Note: I wrote this commentary for the Philippine Daily Inquirer.
The way the military brass has insisted on its innocence in the killing of lumad, the indigenous peoples of Mindanao, is reminiscent of Freud’s story of the borrowed kettle.
In this humorous yarn, A borrows a kettle from B and returns it damaged. To defend himself, A says that he never borrowed the kettle from B. But he says that the kettle was already damaged when he took it from B. Lastly, A swears that he returned the kettle undamaged.
For Freud, this contradictory logic demonstrates how dreams work. The perverse mindset of some officials of the Armed Forces of the Philippines and of the national government also follows this logic.
First, officials claim that the AFP is not in any way connected to the Magahat-Bagani and other paramilitary groups behind the killing of lumad in various parts of Mindanao. “I deny that report na kami ang nag-organize niyan (that we organized the group),” said Lt. Gen. Aurelio Baladad in a media interview.
They then accuse the slain lumad of being members of the communist New People’s Army, who are legitimate targets in the counterinsurgency war. “If the military has killed lumad, it is not because they are lumad but because they are NPA,” said Winnie Monsod, a member of the AFP’s multisectoral advisory group.
Finally, it is adamantly declared that the killing of the lumad was the work of communist rebels all along. “The NPA is behind all of this,” said one Datu Malapandaw Nestor Apas in a press conference organized by the AFP in Camp Aguinaldo.
As in Freud’s paradoxical logic of dreams, what the AFP persistently denies is confirmed by its contradictory statements. Indeed, some may find this stupidly funny if only it were not the government and the armed forces brazenly hiding the truth and playing with people’s lives.
Emerito Samarca was not just murdered but was hogtied, shot and stabbed many times. His throat was slit with a knife from ear to ear. His body was found last Sept. 1. He was the executive director of the Alternative Learning Center for Agricultural and Livelihood Development (Alcadev), a school for the lumad in Lianga, Surigao del Sur.
On the same day Samarca was murdered, Manobo tribal leaders Dionel Campos and Jovillo Sinzo were also killed in front of several people near Alcadev.
Just two weeks earlier, five members of the Samia family—siblings Joebert and Emir; their 70-year-old blind father, Manobo elder Herminio; and their two teenage cousins—were killed outside their home in Pangantucan, Bukidnon. Only Herminio’s 15-year-old daughter lived to tell the tale.
The list of lumad killings can go on and on. For many, martial law remains a continuing experience three decades after the fall of the Marcos dictatorship.
“There is no campaign to kill anybody in this country. There is a campaign to go after everybody who commits crimes, regardless of who they are,” President Aquino has insisted. But the lumad themselves are saying the opposite.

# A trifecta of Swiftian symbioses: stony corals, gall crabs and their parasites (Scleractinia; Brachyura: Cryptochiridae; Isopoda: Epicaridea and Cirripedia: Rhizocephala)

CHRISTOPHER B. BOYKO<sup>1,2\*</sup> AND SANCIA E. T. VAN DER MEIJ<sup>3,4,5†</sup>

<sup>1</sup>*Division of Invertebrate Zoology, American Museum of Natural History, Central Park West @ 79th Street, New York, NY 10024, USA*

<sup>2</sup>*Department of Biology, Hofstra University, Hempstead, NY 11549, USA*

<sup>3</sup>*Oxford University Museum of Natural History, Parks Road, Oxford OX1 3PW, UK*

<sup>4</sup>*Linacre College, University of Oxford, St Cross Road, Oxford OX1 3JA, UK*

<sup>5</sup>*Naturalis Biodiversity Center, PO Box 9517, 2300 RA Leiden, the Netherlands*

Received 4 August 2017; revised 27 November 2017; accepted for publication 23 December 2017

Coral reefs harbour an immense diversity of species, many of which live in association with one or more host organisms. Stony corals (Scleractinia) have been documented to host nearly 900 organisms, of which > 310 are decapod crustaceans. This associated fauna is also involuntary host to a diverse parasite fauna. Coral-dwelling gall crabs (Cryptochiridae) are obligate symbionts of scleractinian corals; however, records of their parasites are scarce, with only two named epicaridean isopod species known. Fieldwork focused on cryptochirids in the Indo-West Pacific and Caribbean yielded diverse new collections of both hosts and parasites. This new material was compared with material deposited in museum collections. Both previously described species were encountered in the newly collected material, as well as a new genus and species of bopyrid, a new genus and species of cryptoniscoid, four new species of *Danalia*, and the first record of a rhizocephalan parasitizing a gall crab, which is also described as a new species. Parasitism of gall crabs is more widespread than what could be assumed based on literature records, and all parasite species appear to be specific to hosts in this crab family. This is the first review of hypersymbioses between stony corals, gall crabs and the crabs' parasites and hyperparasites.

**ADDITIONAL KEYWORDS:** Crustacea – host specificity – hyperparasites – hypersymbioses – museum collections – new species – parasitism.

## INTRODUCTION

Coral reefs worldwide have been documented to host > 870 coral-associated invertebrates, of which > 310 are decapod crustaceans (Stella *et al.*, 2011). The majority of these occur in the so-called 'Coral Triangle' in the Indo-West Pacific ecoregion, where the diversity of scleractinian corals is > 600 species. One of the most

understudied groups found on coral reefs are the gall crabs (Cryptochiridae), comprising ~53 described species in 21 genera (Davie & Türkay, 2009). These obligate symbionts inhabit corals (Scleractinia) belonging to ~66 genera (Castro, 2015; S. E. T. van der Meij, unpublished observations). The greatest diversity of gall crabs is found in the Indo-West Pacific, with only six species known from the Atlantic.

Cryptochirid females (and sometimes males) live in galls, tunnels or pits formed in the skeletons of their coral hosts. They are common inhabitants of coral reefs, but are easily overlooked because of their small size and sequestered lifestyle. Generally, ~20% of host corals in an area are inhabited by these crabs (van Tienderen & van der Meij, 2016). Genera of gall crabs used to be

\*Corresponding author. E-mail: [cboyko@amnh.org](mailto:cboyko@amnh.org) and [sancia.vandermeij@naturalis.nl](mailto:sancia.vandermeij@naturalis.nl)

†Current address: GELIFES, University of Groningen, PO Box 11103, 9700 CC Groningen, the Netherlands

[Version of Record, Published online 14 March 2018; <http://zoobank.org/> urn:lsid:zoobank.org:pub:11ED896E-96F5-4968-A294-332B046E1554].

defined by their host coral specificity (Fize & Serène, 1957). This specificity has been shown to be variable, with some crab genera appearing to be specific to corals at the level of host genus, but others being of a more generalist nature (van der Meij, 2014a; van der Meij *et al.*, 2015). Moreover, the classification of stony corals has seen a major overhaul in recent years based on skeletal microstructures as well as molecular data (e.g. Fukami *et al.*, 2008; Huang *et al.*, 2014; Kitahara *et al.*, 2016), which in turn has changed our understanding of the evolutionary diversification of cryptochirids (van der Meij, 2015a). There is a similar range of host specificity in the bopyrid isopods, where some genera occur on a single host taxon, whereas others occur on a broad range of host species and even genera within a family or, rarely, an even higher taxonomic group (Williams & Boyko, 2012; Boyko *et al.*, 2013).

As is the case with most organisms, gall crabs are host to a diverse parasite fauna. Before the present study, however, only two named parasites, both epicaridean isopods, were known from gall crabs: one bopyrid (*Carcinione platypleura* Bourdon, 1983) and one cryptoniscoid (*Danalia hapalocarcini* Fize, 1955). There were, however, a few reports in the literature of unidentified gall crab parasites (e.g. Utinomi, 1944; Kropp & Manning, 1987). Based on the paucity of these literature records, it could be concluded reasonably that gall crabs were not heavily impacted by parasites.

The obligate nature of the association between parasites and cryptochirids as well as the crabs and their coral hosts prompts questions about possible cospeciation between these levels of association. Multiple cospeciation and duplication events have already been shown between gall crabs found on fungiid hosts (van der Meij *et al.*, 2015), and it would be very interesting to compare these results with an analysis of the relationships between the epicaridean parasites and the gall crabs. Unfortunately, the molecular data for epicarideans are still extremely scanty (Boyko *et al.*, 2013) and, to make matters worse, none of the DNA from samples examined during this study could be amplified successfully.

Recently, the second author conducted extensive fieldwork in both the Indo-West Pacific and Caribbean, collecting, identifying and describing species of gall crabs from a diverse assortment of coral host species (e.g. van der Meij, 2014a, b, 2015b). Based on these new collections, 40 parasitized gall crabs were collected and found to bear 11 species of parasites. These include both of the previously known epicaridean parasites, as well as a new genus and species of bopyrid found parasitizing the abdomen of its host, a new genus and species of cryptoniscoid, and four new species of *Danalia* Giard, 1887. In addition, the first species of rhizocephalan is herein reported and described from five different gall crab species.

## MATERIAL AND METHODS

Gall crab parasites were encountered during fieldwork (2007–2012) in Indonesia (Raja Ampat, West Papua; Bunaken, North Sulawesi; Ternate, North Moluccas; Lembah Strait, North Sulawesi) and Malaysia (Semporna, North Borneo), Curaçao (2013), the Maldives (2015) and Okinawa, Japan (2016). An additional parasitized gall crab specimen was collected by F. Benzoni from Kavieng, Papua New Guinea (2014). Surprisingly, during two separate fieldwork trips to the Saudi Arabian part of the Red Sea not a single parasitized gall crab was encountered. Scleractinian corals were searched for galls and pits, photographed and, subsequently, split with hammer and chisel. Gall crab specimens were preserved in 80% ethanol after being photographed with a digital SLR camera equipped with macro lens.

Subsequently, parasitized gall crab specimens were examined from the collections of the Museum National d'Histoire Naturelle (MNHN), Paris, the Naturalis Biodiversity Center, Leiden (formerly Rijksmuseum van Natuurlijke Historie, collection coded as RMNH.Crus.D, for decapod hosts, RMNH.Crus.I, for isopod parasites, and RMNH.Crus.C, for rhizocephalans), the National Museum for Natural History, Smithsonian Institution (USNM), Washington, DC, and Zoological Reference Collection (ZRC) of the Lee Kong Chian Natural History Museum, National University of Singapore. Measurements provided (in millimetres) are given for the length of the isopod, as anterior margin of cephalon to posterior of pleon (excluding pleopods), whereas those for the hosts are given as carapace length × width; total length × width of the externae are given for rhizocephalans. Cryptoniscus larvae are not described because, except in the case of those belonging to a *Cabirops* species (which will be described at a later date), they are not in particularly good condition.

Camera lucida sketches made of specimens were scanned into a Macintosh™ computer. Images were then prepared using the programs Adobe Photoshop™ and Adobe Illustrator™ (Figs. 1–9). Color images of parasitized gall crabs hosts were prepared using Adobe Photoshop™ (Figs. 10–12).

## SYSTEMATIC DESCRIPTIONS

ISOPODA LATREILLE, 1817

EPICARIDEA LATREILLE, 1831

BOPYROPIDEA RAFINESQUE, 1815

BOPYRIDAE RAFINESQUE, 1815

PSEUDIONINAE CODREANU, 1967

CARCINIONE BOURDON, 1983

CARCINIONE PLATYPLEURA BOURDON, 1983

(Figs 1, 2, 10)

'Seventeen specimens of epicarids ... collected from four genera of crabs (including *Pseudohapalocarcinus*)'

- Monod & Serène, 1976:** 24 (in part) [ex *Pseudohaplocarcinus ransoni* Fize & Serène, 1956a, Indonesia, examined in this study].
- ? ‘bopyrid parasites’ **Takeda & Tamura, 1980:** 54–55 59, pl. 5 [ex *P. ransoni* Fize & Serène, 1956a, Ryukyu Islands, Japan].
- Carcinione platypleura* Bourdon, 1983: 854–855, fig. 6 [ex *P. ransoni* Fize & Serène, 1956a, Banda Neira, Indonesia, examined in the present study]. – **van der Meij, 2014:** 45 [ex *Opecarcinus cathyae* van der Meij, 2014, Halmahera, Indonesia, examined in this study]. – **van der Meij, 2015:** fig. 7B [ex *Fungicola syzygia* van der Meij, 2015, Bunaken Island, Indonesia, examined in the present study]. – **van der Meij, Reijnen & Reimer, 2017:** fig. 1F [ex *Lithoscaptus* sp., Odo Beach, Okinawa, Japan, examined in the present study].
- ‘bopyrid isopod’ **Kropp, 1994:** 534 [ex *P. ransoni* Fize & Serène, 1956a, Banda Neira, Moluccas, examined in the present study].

“The military is paying some lumad to commit acts of crime,” said Bai Josephine Pagalan of the Kahugpungan sa mga Lumadnong Organisasyon sa Caraga. “The AFP is arming paramilitary bandits. If a lumad is killed, the government denies responsibility.”
According to Kalumaran secretary general Dulphing Ogan, the trail of blood in Mindanao leads back to big business interests seeking to invest in ancestral lands. “These areas are the best spots to extract gold, nickel and copper. And these areas are also the remaining forests in Mindanao,” said Ogan.
Even Surigao del Sur Gov. Johnny Pimentel described the paramilitary group hounding the lumad as “a monster created by the military.”
One only needs to recall the brazen manner that military spokespersons twisted the statement of United Nations Special Rapporteur on the Human Rights of Internally Displaced Persons Chaloka Beyani to realize the folly of taking their words uncritically hook, line, and sinker.
They grossly distorted the words of Beyani to strengthen their spurious claim that the lumad staying at the United Churches of Christ in the Philippines Haran compound in Davao City were victims of “trafficking” manipulated by rebels. This resulted in a fiasco with Beyani condemning the misrepresentation of his findings on the plight of the evacuees who sought refuge in Haran to escape communities militarized by state forces.
Reading between the lines, the President seems to be simply echoing the military’s discourse that the militarization of lumad communities is simply part of “a campaign to go after everybody who commits crimes.” The lumad are good in so far as they remain docile victims who are objects of humanitarian charity. But the moment they begin to build their own organizations and militantly struggle for their rights they are viewed and treated as criminals.
We must therefore be wary of this resorting to doublespeak to justify the repression of people’s rights. Let us never forget that whatever democratic space we have today were won through hard struggle. Indeed, abuses will simply persist if the people do not resist. This truth bears repeating. Against efforts by the powerful to whitewash accountability in the killing of lumad, there is no other recourse but the exposure of the truth.